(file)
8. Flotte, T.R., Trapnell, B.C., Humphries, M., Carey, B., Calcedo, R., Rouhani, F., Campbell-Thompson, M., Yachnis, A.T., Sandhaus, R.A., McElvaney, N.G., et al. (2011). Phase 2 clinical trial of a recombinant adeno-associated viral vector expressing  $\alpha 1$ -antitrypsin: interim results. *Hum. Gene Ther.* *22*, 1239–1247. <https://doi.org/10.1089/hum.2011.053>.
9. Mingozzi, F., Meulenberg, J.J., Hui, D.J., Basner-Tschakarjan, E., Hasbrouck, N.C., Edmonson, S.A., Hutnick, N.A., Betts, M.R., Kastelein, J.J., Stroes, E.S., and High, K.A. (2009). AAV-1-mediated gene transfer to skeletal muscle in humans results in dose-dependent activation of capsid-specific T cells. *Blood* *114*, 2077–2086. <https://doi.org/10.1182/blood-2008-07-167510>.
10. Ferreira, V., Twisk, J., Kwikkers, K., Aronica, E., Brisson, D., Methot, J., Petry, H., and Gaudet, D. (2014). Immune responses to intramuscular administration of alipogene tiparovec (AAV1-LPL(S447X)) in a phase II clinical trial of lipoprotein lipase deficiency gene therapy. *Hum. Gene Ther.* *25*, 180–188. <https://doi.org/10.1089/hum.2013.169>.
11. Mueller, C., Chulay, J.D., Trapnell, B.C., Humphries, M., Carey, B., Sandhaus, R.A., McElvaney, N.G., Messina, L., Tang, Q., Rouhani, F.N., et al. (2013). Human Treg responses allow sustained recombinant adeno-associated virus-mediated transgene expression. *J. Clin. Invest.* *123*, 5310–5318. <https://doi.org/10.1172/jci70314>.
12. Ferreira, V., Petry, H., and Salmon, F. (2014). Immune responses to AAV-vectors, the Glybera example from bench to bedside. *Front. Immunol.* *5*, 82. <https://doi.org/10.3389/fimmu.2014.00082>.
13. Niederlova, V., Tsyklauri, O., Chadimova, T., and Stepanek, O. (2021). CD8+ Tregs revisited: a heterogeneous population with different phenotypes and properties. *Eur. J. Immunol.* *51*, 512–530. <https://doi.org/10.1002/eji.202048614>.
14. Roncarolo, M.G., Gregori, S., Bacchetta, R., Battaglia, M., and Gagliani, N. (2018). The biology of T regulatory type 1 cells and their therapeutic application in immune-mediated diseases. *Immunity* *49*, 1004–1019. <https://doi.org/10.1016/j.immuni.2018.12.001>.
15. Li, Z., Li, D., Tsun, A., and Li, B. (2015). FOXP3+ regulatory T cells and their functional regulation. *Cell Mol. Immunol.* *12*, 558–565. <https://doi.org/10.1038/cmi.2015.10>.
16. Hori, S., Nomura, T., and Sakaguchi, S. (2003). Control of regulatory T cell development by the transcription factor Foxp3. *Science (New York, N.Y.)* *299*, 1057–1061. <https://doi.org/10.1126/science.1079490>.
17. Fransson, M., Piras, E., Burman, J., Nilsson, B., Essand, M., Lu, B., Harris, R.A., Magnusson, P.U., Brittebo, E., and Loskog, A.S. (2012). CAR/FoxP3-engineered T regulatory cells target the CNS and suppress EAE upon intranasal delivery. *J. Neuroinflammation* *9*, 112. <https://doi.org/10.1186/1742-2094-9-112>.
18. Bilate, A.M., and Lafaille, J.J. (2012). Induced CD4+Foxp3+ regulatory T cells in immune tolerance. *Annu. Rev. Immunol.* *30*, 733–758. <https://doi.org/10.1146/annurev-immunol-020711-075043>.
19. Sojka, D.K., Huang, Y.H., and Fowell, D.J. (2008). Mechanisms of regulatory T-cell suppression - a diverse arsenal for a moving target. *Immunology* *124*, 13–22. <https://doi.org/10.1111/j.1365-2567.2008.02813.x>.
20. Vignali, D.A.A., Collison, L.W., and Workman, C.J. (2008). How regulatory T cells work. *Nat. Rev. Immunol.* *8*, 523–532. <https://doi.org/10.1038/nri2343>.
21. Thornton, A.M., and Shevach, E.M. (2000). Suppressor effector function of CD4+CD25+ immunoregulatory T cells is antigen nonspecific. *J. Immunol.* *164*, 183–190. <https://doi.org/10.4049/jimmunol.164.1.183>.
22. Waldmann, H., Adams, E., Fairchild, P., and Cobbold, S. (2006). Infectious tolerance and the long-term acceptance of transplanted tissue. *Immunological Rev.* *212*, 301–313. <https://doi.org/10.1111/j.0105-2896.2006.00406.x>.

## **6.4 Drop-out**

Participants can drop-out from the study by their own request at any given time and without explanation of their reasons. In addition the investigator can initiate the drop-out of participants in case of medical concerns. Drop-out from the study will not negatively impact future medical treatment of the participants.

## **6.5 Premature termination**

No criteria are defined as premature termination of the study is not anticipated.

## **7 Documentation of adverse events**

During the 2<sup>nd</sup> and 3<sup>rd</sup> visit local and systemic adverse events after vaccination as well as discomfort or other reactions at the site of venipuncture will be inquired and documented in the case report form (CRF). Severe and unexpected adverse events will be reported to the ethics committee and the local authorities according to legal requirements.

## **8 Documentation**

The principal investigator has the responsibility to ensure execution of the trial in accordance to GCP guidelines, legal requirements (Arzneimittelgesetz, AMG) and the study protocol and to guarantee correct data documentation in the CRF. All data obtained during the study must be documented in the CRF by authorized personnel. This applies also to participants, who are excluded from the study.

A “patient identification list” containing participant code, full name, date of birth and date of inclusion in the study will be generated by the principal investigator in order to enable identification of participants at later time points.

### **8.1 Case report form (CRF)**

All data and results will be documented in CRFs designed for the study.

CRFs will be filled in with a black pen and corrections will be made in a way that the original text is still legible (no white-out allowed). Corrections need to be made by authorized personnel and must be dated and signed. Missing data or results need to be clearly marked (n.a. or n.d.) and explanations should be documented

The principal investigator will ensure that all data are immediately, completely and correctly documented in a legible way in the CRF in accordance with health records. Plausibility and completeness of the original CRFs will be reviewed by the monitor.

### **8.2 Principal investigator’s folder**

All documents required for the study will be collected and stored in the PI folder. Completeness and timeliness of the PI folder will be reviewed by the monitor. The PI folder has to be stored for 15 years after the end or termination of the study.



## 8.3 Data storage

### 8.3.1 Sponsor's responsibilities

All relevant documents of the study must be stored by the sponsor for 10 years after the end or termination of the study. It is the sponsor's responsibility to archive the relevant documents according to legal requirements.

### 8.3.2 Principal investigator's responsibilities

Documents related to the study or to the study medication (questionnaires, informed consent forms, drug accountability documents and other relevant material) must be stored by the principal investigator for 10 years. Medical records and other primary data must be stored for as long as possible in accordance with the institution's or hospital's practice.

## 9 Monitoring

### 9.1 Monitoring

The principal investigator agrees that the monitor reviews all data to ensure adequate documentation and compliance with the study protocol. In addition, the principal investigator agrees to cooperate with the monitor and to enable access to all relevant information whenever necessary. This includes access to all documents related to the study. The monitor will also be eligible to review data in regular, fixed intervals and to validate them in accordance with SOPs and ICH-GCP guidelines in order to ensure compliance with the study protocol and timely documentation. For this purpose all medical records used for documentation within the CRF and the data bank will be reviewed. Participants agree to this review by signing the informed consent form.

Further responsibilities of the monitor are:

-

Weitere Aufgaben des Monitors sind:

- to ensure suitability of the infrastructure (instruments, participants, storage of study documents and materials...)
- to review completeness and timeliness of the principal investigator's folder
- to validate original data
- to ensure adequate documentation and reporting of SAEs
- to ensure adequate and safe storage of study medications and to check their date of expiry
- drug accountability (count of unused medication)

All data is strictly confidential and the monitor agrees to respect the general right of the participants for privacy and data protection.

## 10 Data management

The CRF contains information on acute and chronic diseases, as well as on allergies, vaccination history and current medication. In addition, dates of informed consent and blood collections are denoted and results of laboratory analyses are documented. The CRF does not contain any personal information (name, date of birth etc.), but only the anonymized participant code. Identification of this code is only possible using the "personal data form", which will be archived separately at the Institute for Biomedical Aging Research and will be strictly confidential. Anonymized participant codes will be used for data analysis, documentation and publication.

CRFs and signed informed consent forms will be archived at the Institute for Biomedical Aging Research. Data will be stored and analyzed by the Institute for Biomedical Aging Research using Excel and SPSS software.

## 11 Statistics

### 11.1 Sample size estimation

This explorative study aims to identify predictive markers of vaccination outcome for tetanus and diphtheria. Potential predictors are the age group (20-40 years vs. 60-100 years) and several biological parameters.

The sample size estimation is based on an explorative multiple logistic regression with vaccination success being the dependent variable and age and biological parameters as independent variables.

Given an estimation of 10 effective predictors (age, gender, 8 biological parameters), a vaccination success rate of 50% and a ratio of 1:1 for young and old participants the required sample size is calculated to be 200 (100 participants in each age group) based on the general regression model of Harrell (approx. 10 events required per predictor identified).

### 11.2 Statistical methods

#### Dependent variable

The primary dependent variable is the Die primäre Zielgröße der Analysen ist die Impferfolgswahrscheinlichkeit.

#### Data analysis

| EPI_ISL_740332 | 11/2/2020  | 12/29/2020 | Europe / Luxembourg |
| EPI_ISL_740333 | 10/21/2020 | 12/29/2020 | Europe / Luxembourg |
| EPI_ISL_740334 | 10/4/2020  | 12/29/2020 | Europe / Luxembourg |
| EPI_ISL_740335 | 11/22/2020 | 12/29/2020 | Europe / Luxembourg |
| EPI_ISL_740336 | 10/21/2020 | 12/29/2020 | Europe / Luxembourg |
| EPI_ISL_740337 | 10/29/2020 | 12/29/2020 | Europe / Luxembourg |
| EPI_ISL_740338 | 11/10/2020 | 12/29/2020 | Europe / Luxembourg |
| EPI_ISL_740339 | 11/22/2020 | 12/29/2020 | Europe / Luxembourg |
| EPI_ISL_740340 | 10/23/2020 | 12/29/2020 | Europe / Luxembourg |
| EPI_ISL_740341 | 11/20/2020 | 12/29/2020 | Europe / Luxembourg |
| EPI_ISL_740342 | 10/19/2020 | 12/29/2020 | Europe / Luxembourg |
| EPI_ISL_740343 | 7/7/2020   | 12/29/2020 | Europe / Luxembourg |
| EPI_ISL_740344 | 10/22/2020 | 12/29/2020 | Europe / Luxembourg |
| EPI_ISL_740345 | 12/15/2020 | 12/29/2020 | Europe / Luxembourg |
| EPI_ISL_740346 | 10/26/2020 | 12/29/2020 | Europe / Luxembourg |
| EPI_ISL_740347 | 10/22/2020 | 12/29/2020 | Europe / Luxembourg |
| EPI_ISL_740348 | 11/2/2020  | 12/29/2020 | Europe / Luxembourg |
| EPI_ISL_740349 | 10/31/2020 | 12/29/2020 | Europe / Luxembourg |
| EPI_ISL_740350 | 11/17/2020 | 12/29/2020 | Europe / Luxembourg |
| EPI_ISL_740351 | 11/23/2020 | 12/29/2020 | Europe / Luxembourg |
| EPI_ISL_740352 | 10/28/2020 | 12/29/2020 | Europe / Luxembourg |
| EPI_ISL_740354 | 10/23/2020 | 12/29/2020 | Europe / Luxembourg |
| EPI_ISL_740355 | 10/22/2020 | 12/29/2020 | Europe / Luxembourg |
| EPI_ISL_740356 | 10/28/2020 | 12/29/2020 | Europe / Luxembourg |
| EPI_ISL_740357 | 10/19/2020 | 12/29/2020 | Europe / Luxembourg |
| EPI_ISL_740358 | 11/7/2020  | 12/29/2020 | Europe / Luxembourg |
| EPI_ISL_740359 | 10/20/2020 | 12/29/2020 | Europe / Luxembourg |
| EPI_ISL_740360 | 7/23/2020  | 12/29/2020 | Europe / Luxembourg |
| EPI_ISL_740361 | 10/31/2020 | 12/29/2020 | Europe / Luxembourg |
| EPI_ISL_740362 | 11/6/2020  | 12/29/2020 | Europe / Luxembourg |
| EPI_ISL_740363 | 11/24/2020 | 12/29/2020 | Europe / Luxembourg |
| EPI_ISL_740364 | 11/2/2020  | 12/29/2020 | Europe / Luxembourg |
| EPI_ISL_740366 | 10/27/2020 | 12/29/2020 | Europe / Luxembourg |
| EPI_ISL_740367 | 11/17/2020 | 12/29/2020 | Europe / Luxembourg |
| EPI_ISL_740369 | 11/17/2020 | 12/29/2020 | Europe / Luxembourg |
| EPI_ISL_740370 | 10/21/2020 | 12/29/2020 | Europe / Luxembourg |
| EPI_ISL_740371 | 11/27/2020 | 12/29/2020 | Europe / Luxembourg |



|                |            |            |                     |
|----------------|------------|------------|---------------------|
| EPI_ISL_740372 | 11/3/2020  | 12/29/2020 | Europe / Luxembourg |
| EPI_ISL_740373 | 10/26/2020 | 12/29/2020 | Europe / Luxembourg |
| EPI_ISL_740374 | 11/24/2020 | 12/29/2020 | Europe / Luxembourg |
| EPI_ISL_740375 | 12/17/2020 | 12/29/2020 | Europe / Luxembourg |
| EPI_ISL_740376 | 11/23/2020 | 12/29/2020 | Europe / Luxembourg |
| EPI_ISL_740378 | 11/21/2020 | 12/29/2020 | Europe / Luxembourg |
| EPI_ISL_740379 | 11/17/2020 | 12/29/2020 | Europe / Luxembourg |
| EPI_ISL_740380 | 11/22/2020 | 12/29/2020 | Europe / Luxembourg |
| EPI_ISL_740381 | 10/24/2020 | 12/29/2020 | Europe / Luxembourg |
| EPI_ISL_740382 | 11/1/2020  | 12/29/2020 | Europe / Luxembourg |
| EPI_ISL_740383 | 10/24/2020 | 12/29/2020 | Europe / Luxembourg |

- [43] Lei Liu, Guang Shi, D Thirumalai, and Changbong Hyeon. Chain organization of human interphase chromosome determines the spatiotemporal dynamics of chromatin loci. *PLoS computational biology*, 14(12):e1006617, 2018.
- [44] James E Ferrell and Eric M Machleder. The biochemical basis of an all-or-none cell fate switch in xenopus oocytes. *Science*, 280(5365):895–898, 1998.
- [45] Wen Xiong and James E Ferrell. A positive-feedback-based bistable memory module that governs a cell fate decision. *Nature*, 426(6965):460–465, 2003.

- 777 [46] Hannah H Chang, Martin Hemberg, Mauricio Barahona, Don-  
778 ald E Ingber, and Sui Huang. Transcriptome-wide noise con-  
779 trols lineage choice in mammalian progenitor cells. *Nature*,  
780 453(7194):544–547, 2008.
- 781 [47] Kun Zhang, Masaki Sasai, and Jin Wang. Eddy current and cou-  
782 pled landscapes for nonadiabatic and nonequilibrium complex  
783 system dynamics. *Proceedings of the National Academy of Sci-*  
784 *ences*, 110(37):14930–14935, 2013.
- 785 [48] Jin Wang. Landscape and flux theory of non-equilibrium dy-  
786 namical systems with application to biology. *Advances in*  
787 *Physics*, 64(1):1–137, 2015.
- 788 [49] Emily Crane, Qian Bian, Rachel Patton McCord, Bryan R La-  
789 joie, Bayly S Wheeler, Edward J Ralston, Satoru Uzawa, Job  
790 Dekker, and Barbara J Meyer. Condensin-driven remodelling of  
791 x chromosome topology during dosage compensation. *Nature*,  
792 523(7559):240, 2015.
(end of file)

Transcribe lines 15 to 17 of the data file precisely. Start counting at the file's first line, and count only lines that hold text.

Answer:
22. Waldmann, H., Adams, E., Fairchild, P., and Cobbold, S. (2006). Infectious tolerance and the long-term acceptance of transplanted tissue. *Immunological Rev.* *212*, 301–313. <https://doi.org/10.1111/j.0105-2896.2006.00406.x>.

## **6.4 Drop-out**

Participants can drop-out from the study by their own request at any given time and without explanation of their reasons. In addition the investigator can initiate the drop-out of participants in case of medical concerns. Drop-out from the study will not negatively impact future medical treatment of the participants.